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[431] race was one of the most ludicrous incidents of the war, though the laugh was rather the heartier on the wrong side.

The Army of the Cumberland remaining quiet at Chattanooga, Bragg (or his superiors) conceived the idea of improving his leisure by a movement on Burnside, which Longstreet was assigned to lead. Burnside had by this time spread his force very widely, holding innumerable points and places southward and eastward of Knoxville by brigades and detachments; and Longstreet, advancing silently and rapidly, was enabled to strike1 heavily at the little outpost of Philadelphia, held by Col. F. T. Wolford, with the 1st, 11th, and 12th Kentucky cavalry and 45th Ohio mounted infantry--in all about 2,000 men. Wolford had dispatched the 1st and 11th Kentucky to protect his trains moving on his right, which a Rebel advance was reported as menacing, when he found himself suddenly assailed in front and on both flanks by an overwhelming Rebel force, estimated at 7,000, whom he withstood several hours, hoping that the sound of guns would bring him assistance from London in his rear; but none arrived; and he was at length obliged to cut his way out; losing his battery and 32 wagons, but bringing off most of his command, with 51 prisoners. Major Delfosse, leading the 12th Ky., was killed. The 1st and 11th Kentucky, under Maj. Graham, having proceeded four miles westward from Philadelphia, found their train already in the hands of the enemy, and recaptured it; chasing its assailants for some distance, and capturing quite a number of them; when our men in turn encountered a superior force, and were chased nearly to Loudon, losing heavily. We took 111 prisoners this day, and lost 324, with 6 guns; the killed and wounded on either side being about 100. Our total loss in prisoners to Longstreet southward of Loudon is stated by Halleck at 650.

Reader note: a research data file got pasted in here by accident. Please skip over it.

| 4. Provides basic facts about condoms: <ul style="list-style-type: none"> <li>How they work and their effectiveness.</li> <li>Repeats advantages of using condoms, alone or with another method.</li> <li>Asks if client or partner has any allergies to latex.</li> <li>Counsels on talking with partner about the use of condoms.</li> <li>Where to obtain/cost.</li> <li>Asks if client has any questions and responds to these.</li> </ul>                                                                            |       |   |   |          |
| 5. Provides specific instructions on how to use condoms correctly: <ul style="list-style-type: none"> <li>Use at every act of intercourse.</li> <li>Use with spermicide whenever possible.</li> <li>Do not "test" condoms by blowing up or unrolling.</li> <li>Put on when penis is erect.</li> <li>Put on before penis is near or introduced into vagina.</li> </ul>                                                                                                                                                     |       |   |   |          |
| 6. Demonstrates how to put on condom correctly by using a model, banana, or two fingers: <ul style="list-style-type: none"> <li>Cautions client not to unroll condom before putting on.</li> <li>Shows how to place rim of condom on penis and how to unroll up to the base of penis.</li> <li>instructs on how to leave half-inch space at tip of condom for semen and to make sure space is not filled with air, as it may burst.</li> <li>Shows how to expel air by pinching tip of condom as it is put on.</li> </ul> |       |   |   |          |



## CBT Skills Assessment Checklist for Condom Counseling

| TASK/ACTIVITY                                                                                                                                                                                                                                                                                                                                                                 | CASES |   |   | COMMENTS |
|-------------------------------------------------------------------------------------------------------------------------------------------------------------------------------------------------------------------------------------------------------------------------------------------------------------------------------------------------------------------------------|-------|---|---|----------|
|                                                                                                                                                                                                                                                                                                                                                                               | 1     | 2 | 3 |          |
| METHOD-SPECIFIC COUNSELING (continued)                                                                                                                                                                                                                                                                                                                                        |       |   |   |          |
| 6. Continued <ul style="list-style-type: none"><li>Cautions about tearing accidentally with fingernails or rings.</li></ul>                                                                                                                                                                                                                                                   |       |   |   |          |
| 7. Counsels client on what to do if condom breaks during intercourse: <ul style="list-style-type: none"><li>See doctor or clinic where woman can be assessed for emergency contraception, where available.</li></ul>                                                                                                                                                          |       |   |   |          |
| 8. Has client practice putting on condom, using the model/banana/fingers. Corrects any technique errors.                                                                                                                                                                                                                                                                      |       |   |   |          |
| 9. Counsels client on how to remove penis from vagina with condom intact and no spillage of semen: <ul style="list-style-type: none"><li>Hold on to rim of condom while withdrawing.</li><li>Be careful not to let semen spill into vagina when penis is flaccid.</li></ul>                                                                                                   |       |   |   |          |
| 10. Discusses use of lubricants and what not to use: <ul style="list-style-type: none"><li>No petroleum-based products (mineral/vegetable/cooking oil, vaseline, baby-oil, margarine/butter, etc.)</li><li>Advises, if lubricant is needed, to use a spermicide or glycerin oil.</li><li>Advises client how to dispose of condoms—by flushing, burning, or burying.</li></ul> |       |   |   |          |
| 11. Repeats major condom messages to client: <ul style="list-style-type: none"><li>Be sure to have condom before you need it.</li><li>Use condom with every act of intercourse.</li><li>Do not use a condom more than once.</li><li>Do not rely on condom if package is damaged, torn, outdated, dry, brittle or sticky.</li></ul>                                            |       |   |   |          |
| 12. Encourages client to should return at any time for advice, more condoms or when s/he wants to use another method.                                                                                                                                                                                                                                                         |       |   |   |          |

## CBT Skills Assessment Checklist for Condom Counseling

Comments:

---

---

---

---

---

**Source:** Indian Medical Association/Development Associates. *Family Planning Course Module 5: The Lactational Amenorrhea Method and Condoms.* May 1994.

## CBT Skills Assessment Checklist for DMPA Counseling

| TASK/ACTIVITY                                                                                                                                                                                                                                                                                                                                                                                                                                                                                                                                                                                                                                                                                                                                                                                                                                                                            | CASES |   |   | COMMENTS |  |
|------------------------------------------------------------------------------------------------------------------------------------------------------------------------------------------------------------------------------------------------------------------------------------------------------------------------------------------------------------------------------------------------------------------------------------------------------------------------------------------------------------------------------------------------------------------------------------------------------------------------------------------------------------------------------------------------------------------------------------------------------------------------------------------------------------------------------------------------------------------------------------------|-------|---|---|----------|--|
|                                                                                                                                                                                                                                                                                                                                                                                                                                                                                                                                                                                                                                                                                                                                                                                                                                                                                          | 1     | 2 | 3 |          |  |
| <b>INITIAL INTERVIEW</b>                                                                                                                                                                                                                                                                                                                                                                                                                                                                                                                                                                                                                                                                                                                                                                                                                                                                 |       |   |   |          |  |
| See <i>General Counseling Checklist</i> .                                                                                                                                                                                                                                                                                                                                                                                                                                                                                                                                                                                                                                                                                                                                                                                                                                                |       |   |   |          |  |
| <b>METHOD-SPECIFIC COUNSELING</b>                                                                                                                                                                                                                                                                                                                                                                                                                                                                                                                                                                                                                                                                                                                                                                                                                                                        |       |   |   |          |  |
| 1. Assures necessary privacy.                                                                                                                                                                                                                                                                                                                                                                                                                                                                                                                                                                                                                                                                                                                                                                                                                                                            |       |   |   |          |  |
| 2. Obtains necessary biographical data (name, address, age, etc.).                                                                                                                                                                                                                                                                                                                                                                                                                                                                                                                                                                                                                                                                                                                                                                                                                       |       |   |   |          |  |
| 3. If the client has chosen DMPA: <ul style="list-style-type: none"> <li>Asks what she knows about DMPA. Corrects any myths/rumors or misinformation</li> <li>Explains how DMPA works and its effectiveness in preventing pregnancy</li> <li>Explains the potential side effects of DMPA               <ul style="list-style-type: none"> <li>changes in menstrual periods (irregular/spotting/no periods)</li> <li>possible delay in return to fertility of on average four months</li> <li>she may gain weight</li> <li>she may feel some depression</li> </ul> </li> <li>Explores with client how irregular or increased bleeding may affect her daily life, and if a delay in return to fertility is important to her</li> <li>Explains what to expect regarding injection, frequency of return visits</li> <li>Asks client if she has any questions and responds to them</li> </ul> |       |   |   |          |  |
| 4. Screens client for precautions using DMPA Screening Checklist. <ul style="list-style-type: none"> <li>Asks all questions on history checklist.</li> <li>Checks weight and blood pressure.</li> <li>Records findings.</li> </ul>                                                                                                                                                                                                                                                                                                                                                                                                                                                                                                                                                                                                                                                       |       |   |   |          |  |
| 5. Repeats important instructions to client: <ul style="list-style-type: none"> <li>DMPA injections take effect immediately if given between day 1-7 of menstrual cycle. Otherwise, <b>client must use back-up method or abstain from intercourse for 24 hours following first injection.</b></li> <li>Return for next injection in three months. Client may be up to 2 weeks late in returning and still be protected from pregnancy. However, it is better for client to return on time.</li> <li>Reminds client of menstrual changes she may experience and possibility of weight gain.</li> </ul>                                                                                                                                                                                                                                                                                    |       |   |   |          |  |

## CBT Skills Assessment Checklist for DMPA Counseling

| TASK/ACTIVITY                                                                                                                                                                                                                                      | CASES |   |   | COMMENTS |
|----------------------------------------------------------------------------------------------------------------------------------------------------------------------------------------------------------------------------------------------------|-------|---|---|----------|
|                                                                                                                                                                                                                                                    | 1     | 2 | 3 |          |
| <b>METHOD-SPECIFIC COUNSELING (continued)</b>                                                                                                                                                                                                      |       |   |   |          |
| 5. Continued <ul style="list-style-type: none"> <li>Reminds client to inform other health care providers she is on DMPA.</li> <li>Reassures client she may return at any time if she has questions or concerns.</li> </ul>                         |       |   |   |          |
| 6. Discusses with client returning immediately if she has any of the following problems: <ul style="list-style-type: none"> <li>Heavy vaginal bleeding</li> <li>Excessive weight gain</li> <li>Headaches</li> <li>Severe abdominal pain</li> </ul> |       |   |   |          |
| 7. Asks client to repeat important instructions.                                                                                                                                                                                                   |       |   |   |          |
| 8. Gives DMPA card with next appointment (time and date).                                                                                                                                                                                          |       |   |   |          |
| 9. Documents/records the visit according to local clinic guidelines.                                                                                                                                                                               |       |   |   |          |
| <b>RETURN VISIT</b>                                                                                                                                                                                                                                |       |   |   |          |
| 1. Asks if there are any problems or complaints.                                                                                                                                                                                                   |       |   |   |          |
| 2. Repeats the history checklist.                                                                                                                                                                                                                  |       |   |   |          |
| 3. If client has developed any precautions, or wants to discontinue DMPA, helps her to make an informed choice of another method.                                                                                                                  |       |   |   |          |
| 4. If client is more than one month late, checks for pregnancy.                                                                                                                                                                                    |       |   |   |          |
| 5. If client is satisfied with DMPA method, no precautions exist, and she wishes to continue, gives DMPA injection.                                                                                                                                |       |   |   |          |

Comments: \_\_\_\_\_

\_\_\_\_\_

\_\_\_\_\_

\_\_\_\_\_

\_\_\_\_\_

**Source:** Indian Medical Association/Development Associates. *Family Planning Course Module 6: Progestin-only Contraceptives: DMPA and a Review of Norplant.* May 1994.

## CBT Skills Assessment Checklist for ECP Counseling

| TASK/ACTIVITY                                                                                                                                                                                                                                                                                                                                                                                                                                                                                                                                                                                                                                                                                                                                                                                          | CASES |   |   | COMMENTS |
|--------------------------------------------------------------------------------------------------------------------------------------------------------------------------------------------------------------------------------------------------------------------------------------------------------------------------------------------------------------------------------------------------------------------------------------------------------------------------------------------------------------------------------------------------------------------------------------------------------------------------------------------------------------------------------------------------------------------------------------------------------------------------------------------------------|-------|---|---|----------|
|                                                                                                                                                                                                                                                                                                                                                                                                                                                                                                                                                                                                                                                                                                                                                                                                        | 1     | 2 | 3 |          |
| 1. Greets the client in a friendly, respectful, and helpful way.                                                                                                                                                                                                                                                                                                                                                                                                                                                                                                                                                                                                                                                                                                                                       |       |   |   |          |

The enemy advancing resolutely yet cautiously, our troops were withdrawn before them from Lenoir and from Loudon, concentrating at Camp-bell's Station--Gen. Burnside, who had hastened from Knoxville at the tidings of danger, being personally in command. Having been joined by his old (9th) corps, he was now probably as strong as Longstreet; but a large portion of his force was still dispersed far to the eastward, and he apprehended being flanked by an advance from Kingston on his left. He found himself so closely pressed, however, that he must either fight or sacrifice his trains; so he chose an advantageous position and suddenly faced2 the foe: his batteries being all at hand, while those of his pursuers were behind; so that he had decidedly the advantage in the fighting till late in the afternoon, when they brought up three batteries and opened, while their infantry were extended on either hand, as if to outflank him. He then fell back to the next ridge, and again faced about; holding his position firmly till after nightfall; when — his trains having meantime obtained a fair start — he resumed his retreat, and continued it unmolested until safe within the sheltering intrenchments of Knoxville. Our loss in this affair was about 300; that of the enemy was

1 Oct. 20.

2 Nov. 6.

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